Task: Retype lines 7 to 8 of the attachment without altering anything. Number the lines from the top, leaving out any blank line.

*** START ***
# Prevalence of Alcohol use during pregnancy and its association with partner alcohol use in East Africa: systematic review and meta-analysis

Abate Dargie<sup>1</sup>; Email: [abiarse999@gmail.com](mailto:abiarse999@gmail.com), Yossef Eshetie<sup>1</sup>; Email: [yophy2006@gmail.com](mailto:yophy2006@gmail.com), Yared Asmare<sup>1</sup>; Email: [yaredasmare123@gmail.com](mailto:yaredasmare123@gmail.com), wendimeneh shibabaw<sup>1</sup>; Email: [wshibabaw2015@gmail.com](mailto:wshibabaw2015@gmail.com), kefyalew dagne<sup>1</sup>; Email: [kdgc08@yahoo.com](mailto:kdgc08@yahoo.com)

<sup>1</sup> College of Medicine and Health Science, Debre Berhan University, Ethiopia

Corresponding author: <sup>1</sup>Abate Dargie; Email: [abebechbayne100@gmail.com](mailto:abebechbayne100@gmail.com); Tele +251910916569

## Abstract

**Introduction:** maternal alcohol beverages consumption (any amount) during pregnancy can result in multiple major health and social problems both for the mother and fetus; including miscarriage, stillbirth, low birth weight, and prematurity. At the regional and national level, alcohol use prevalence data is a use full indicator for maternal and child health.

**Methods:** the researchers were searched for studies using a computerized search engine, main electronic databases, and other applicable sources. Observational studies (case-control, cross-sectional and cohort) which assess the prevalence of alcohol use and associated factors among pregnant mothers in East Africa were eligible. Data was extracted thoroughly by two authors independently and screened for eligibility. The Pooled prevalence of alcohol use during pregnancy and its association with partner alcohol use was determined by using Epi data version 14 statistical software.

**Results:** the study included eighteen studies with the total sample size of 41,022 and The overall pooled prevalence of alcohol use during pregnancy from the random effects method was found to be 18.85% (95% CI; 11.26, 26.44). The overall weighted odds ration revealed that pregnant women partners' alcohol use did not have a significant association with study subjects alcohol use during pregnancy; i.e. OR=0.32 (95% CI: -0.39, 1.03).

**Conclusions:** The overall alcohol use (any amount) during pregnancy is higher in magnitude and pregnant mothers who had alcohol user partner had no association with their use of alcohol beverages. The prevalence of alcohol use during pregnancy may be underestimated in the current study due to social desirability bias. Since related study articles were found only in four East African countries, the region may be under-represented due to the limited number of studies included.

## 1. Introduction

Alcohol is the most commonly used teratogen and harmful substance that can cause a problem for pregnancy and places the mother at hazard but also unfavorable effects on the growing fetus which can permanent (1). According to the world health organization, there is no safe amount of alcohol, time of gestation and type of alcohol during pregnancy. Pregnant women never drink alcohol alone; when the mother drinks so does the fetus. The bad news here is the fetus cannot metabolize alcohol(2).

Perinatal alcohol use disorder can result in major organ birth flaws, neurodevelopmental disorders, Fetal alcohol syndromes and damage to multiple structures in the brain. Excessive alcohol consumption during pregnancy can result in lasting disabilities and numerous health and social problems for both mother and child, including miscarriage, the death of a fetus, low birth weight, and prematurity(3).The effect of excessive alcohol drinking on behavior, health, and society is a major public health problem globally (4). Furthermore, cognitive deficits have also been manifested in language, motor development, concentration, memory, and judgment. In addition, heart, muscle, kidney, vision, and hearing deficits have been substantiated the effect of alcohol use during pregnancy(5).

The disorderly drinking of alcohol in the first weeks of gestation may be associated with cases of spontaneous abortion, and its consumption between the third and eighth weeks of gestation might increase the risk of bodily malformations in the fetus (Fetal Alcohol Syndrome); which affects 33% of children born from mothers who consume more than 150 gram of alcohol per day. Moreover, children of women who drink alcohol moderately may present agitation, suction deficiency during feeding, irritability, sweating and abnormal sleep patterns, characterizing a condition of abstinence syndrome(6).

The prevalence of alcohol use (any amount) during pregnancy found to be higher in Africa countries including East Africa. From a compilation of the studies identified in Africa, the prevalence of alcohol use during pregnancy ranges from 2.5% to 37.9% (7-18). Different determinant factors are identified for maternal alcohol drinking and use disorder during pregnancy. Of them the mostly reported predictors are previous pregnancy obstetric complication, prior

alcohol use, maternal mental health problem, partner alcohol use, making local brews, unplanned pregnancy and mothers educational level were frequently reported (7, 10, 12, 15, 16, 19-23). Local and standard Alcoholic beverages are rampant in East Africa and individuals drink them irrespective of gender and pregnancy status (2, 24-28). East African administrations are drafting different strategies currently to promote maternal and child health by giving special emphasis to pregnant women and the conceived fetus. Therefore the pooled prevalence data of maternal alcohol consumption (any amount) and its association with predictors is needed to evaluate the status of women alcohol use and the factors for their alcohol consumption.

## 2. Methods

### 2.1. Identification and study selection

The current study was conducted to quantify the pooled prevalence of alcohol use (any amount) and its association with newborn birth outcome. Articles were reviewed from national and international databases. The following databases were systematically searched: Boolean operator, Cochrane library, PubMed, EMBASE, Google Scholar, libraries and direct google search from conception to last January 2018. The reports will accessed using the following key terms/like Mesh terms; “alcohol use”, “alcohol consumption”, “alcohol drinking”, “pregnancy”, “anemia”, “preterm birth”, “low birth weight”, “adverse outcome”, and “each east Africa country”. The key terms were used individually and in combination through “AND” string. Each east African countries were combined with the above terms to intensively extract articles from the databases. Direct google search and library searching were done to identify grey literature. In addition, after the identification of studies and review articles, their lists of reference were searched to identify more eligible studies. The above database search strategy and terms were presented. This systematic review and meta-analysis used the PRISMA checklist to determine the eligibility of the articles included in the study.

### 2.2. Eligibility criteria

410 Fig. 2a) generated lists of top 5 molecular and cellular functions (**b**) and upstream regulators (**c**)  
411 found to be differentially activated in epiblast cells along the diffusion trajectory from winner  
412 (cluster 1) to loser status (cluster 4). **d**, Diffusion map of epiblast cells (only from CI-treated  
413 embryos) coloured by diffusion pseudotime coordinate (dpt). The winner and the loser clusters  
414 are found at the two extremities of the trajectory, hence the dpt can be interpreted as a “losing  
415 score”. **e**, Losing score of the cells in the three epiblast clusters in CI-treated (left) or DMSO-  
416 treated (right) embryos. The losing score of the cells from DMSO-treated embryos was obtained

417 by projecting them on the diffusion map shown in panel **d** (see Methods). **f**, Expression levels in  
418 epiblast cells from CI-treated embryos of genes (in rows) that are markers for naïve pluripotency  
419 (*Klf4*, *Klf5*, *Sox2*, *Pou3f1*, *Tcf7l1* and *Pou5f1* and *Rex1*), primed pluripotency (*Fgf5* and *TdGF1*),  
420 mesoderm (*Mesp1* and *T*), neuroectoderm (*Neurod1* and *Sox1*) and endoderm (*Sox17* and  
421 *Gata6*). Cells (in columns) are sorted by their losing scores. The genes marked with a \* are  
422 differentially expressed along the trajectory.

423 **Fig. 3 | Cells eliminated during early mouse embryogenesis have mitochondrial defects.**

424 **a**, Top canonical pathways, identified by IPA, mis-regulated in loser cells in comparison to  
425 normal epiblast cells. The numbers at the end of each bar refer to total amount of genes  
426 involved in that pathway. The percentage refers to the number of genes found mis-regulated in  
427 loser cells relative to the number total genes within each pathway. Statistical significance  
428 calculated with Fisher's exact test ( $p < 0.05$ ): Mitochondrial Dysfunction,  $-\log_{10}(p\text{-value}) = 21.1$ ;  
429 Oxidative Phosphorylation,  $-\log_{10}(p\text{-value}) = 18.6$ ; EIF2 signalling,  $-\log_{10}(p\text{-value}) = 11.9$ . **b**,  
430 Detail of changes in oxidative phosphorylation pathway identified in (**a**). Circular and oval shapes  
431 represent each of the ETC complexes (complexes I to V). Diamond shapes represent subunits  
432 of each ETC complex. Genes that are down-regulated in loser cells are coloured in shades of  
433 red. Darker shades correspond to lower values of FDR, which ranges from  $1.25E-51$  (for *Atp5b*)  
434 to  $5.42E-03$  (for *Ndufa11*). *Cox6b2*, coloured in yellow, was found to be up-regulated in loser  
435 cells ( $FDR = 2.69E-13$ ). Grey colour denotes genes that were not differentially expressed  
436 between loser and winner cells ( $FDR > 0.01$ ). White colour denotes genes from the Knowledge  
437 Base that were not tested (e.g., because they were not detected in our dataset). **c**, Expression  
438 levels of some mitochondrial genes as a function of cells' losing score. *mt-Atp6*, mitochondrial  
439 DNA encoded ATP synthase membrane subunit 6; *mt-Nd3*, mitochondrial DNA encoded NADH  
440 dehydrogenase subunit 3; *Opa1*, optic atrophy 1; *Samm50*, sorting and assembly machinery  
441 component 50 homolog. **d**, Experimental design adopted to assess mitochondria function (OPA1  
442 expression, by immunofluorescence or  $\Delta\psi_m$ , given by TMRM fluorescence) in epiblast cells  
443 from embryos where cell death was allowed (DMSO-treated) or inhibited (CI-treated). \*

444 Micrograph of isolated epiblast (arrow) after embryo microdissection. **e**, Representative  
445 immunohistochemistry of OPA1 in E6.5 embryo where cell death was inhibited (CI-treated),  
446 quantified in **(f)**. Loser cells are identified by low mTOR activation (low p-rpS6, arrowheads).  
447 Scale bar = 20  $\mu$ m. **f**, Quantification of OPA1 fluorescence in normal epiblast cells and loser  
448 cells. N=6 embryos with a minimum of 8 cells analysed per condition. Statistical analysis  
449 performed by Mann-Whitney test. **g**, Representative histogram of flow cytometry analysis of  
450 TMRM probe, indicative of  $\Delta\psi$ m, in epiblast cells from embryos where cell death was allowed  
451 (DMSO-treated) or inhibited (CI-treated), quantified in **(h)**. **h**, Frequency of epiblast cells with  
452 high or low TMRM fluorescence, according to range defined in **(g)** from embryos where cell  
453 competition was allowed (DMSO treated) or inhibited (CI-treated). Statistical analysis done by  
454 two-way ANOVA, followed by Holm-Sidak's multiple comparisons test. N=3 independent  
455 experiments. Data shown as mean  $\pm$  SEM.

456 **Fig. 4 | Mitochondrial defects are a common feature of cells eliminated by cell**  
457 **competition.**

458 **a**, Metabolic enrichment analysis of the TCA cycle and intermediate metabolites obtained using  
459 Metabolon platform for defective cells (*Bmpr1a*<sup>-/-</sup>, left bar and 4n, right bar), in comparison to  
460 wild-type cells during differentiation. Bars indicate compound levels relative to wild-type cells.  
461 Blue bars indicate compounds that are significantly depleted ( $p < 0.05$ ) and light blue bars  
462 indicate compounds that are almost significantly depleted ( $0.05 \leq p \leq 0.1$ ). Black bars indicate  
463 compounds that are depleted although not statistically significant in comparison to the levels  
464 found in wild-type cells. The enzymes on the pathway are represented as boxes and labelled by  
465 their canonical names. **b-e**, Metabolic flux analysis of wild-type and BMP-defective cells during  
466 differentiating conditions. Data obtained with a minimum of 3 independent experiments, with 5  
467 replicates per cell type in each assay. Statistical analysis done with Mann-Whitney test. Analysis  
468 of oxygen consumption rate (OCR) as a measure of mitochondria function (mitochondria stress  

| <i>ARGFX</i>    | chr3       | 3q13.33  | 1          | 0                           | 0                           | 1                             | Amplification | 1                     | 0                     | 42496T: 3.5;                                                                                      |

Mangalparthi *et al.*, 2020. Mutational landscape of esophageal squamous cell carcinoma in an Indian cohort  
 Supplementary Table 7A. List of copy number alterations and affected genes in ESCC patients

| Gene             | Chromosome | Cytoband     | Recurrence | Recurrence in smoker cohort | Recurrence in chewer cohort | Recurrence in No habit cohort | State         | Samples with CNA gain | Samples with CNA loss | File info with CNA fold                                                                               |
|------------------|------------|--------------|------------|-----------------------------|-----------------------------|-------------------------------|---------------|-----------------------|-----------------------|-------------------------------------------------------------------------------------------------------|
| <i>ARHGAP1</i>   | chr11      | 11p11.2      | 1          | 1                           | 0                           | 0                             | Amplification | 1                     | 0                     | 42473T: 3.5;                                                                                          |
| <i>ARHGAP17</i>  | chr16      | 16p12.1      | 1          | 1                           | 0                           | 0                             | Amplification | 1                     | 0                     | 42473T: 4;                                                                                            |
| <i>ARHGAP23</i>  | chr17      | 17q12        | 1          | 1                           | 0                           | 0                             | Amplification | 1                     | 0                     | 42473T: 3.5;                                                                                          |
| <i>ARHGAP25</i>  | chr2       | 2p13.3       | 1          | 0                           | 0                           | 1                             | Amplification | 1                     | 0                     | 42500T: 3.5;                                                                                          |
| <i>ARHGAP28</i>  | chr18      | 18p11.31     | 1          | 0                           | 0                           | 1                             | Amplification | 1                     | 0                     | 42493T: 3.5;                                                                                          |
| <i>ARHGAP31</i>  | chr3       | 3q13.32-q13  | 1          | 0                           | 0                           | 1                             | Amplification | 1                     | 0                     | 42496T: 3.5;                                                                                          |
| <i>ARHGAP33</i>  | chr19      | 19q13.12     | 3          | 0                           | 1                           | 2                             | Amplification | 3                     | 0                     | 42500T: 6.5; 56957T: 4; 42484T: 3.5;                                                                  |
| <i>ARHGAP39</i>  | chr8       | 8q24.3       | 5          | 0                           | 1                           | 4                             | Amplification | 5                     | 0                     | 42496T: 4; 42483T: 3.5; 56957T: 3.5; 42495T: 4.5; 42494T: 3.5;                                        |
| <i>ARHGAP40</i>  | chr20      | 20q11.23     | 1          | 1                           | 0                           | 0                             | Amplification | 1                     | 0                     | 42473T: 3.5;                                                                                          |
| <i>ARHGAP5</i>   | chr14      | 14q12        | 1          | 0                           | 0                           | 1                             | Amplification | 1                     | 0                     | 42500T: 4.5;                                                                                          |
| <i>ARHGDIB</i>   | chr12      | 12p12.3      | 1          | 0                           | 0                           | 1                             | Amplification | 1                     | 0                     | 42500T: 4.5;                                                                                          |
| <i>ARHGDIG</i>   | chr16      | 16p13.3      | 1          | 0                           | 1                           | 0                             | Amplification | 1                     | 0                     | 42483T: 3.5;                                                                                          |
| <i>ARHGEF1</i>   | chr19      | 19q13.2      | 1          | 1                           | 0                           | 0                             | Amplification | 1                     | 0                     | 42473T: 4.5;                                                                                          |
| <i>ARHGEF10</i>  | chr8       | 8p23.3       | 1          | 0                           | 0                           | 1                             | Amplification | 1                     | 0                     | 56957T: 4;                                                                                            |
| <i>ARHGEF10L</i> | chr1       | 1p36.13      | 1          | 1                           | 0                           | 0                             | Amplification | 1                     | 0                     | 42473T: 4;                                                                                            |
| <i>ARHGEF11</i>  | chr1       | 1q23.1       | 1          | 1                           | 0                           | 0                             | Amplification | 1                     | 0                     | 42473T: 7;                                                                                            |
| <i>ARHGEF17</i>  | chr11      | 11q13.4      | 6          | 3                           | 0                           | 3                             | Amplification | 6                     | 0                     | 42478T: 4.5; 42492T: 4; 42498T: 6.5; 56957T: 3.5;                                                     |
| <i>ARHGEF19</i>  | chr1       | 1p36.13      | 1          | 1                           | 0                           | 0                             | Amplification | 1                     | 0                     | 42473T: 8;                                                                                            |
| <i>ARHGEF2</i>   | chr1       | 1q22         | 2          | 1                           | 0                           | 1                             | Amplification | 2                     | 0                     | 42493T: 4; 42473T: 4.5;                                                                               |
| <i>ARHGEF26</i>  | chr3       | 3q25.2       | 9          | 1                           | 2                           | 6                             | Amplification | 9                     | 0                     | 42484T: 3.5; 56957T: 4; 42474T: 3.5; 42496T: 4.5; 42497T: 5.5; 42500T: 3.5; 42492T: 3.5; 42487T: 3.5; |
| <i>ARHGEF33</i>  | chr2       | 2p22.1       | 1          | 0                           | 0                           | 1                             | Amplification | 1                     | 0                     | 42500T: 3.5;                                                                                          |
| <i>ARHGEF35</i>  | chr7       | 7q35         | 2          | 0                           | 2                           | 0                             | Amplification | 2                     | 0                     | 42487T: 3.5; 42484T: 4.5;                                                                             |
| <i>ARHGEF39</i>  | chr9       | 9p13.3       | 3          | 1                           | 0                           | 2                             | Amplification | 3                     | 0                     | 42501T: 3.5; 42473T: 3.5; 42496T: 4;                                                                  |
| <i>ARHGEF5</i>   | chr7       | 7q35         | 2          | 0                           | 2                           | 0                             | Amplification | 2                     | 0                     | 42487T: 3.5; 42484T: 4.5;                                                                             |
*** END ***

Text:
**Methods:** the researchers were searched for studies using a computerized search engine, main electronic databases, and other applicable sources. Observational studies (case-control, cross-sectional and cohort) which assess the prevalence of alcohol use and associated factors among pregnant mothers in East Africa were eligible. Data was extracted thoroughly by two authors independently and screened for eligibility. The Pooled prevalence of alcohol use during pregnancy and its association with partner alcohol use was determined by using Epi data version 14 statistical software.

**Results:** the study included eighteen studies with the total sample size of 41,022 and The overall pooled prevalence of alcohol use during pregnancy from the random effects method was found to be 18.85% (95% CI; 11.26, 26.44). The overall weighted odds ration revealed that pregnant women partners' alcohol use did not have a significant association with study subjects alcohol use during pregnancy; i.e. OR=0.32 (95% CI: -0.39, 1.03).